What Options Do I Have for Changing My Last Will?

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There are a few ways to change will.

You are considering changing your will.

Perhaps your spouse died or you are now divorced.

Perhaps you have added more children to your family.

Maybe you need to address new laws within your state or at the federal level.

Periodically changing your will is not unusual. In fact, it is prudent.

Change happens.

According to a recent nwi.com article titled “Temporarily changing a will,” you should review your will and update your estate plan with an experienced estate planning attorney every three or four years.

Your attorney will typically recommend one of three options when it comes to updating your will.

What are they?

You have several options for changing your will.
An experienced estate planning attorney can help you choose the best option for updating your will.

Fully revoke the will.

How do you do this?

You can physically destroy the document.

Be sure you shred all copies of the document and inform your attorney of this action.

You could also execute a formal revocation.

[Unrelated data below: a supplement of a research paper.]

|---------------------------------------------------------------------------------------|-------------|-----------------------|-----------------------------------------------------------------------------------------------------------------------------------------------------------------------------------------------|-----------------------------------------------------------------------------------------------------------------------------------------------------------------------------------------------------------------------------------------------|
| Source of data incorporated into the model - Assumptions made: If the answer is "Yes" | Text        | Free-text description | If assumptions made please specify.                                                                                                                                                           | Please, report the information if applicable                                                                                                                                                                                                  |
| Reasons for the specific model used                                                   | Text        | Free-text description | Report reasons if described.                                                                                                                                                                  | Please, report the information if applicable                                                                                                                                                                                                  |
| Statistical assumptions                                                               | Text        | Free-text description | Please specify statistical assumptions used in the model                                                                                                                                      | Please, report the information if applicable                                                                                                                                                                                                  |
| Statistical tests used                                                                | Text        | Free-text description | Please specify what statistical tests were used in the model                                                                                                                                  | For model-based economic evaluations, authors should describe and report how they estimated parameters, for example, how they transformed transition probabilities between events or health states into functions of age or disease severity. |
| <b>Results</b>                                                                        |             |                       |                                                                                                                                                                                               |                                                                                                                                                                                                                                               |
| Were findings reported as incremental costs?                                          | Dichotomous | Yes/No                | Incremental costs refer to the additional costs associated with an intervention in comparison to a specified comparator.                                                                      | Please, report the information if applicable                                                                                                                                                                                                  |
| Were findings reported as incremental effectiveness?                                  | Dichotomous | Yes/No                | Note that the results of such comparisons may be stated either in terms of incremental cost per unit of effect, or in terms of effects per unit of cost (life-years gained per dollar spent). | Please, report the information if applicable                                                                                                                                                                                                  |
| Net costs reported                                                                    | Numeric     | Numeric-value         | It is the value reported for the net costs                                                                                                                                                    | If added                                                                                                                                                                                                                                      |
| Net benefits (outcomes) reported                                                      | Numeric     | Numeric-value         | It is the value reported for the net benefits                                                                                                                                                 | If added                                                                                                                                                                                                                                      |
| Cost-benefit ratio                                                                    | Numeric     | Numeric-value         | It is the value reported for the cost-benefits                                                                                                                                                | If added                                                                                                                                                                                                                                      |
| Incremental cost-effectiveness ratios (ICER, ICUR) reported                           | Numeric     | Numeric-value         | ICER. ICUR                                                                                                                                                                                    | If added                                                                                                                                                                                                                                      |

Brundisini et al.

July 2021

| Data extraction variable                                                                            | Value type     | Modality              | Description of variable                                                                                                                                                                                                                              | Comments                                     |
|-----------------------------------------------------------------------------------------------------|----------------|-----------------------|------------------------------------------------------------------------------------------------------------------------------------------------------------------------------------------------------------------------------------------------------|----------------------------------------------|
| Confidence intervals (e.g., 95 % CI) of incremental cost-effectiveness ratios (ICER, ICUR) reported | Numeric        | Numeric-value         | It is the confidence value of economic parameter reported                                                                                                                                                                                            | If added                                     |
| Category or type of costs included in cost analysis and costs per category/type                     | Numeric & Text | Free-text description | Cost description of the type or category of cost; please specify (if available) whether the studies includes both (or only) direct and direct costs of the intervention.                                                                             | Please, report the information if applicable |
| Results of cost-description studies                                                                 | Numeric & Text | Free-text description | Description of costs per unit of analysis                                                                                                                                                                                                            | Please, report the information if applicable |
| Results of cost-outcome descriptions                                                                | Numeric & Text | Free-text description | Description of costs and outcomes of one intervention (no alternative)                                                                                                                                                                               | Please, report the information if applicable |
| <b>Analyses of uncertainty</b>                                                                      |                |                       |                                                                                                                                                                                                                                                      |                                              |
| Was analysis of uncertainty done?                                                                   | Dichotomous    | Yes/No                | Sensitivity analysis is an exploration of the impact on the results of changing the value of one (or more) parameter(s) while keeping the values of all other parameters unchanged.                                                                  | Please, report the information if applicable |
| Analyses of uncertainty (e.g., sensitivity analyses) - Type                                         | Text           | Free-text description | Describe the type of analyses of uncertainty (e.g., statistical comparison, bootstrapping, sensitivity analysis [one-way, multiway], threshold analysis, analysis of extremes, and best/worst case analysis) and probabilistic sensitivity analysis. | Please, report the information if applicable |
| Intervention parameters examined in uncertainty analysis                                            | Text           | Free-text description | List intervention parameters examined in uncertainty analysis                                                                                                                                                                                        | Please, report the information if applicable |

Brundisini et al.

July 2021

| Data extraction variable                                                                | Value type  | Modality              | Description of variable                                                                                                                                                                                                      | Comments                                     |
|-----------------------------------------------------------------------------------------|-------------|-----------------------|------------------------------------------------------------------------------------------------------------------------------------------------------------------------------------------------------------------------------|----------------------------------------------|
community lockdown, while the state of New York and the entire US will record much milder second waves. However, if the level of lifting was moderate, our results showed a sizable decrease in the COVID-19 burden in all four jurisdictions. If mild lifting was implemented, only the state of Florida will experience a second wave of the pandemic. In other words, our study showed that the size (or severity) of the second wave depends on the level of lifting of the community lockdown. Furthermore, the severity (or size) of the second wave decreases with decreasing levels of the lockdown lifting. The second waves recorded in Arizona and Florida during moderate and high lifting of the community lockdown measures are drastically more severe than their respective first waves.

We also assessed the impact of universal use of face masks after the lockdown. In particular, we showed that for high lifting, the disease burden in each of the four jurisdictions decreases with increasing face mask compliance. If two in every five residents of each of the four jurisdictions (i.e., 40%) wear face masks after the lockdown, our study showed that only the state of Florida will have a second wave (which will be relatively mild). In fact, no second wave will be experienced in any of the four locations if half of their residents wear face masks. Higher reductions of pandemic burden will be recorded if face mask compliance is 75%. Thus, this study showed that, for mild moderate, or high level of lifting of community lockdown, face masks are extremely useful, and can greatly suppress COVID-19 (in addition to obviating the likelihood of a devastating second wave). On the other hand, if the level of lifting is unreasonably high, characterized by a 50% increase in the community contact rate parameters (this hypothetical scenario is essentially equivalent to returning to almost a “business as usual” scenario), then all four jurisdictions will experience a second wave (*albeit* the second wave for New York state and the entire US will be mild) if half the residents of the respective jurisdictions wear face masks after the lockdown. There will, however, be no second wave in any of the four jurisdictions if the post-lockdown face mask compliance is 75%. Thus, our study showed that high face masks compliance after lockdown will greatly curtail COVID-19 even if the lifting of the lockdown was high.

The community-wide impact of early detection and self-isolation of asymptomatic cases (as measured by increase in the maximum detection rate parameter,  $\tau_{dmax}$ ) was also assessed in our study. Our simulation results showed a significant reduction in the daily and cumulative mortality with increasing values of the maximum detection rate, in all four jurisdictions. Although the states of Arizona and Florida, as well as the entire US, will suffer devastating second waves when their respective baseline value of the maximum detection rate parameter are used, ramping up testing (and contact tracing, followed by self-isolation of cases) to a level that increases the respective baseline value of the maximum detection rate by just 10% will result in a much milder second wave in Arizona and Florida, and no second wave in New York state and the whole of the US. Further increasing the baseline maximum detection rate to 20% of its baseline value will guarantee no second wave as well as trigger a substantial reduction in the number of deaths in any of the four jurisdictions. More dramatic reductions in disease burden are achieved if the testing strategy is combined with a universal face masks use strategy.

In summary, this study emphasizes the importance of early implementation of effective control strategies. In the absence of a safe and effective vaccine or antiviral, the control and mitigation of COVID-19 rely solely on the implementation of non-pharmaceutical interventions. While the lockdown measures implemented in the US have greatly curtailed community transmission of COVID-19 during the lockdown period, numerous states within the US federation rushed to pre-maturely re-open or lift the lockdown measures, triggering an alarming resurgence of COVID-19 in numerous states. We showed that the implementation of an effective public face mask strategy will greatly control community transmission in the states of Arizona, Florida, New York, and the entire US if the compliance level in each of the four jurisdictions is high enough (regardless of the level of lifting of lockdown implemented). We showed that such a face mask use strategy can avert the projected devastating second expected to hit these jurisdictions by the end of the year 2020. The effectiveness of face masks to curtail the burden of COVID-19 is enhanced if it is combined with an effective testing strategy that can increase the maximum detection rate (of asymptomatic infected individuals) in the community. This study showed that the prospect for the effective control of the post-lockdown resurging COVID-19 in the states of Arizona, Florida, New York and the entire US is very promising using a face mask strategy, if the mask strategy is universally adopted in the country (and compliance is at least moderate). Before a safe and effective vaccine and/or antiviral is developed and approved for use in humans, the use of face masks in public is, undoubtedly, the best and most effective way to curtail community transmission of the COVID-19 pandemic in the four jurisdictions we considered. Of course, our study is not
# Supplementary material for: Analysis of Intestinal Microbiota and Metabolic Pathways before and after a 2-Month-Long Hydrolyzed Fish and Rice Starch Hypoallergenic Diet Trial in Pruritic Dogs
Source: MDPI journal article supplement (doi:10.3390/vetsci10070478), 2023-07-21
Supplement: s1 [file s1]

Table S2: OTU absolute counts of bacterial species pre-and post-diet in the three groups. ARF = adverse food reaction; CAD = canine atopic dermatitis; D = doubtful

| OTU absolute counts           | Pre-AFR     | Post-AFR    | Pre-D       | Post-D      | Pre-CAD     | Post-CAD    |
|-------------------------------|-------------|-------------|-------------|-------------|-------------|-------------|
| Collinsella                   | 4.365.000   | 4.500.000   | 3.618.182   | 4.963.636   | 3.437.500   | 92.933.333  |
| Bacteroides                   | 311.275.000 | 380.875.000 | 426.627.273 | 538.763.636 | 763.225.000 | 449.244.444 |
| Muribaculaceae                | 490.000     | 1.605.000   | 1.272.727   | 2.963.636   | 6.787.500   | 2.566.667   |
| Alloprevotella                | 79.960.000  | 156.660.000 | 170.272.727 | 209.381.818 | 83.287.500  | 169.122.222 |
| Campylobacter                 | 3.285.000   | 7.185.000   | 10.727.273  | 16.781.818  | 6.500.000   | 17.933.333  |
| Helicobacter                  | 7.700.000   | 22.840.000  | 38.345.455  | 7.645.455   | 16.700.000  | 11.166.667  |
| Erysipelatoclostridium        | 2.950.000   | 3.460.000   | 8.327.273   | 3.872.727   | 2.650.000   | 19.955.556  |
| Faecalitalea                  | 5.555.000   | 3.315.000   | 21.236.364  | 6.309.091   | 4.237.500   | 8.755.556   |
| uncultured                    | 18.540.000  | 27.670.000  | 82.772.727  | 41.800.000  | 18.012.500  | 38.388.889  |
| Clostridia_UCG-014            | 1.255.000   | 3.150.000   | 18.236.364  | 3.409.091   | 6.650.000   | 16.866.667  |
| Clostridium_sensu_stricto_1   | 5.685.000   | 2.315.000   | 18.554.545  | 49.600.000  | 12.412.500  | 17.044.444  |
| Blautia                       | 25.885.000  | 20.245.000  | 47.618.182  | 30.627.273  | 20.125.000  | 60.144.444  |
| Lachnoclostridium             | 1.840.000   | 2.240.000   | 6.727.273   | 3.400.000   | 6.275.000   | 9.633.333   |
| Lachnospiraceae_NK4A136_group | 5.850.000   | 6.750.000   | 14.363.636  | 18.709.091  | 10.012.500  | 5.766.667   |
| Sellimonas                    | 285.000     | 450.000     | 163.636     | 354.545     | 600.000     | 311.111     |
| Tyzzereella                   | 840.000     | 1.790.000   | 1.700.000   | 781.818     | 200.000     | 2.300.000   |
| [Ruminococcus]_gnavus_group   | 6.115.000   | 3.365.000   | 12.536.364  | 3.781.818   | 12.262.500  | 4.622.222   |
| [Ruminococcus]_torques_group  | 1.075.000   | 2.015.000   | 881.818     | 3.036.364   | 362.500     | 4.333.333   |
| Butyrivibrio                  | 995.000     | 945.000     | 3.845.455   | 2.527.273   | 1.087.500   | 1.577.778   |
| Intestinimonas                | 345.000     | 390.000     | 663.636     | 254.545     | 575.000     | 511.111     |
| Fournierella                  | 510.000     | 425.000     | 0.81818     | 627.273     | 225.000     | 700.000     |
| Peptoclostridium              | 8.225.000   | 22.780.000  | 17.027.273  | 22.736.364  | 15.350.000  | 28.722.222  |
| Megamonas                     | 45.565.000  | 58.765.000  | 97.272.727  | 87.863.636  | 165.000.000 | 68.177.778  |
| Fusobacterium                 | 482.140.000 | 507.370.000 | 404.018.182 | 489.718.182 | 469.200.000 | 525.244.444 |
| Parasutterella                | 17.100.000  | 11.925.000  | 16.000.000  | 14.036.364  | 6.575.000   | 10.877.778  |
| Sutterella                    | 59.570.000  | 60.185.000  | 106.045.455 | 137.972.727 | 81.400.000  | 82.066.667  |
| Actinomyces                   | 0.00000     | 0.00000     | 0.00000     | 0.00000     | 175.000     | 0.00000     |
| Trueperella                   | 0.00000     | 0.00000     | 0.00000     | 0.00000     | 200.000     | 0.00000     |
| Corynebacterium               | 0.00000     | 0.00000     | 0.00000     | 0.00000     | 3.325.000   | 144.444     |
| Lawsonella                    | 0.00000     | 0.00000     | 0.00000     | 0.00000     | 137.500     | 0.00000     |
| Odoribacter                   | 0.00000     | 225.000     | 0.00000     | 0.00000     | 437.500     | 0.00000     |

This makes your will non-existent or invalid.

Executing a revocation is the safest way to ensure the will no longer has any power or authority.

Still, this is not the “best practices” approach.

Execute a new will.

This is the typical course of action.

Why?

If you have revoked your will, then execute a new will without delay or risk dying intestate.

What is that?

Dying “intestate” means you have abdicated any authority to make decisions regarding the guardians for orphaned minors, the executor of your estate, and the distribution of any assets subject to probate.

Instead, a probate judge selects the guardians and the executor, and your assets are distributed according to state law when you die intestate.

Yikes!

When your attorney creates a new will it should clearly declare that all prior wills and codicils are revoked.

Customarily this declaration is addressed in the very first paragraph of a thoughtfully prepared will.

Execute an amendment to the will.

This is the third way to change your will.

Will amendments are actually called “codicils.”

What does this mean?

The will you have in place remains valid, except for any provisions you specifically change.

When changing your will, work with an experienced estate planning attorney who will be able to advise you on the best course of action for your unique circumstances.

This is not a DIY project.

Reference: nwi.com (September 8, 2019) “Temporarily changing a will.”